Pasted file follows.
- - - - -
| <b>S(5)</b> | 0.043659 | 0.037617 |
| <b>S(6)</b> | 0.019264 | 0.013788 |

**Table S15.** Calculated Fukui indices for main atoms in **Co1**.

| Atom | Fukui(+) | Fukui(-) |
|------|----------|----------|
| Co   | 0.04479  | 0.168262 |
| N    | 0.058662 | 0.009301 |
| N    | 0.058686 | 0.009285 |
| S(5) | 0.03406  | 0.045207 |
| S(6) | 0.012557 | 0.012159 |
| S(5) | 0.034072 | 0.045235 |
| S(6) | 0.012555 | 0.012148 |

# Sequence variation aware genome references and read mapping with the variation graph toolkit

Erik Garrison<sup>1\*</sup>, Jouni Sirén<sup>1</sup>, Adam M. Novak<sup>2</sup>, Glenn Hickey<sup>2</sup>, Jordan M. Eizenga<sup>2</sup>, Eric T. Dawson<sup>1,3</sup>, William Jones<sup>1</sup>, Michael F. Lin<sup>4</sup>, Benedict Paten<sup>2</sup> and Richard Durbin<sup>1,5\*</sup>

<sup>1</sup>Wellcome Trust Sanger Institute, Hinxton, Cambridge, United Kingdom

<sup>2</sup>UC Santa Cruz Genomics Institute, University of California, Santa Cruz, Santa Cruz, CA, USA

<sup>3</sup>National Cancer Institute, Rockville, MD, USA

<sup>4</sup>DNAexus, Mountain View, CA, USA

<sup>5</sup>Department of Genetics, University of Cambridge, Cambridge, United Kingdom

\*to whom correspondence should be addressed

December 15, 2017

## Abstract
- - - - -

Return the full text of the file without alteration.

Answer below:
| <b>S(5)</b> | 0.043659 | 0.037617 |
| <b>S(6)</b> | 0.019264 | 0.013788 |

**Table S15.** Calculated Fukui indices for main atoms in **Co1**.

| Atom | Fukui(+) | Fukui(-) |
|------|----------|----------|
| Co   | 0.04479  | 0.168262 |
| N    | 0.058662 | 0.009301 |
| N    | 0.058686 | 0.009285 |
| S(5) | 0.03406  | 0.045207 |
| S(6) | 0.012557 | 0.012159 |
| S(5) | 0.034072 | 0.045235 |
| S(6) | 0.012555 | 0.012148 |

# Sequence variation aware genome references and read mapping with the variation graph toolkit

Erik Garrison<sup>1\*</sup>, Jouni Sirén<sup>1</sup>, Adam M. Novak<sup>2</sup>, Glenn Hickey<sup>2</sup>, Jordan M. Eizenga<sup>2</sup>, Eric T. Dawson<sup>1,3</sup>, William Jones<sup>1</sup>, Michael F. Lin<sup>4</sup>, Benedict Paten<sup>2</sup> and Richard Durbin<sup>1,5\*</sup>

<sup>1</sup>Wellcome Trust Sanger Institute, Hinxton, Cambridge, United Kingdom

<sup>2</sup>UC Santa Cruz Genomics Institute, University of California, Santa Cruz, Santa Cruz, CA, USA

<sup>3</sup>National Cancer Institute, Rockville, MD, USA

<sup>4</sup>DNAexus, Mountain View, CA, USA

<sup>5</sup>Department of Genetics, University of Cambridge, Cambridge, United Kingdom

\*to whom correspondence should be addressed

December 15, 2017

## Abstract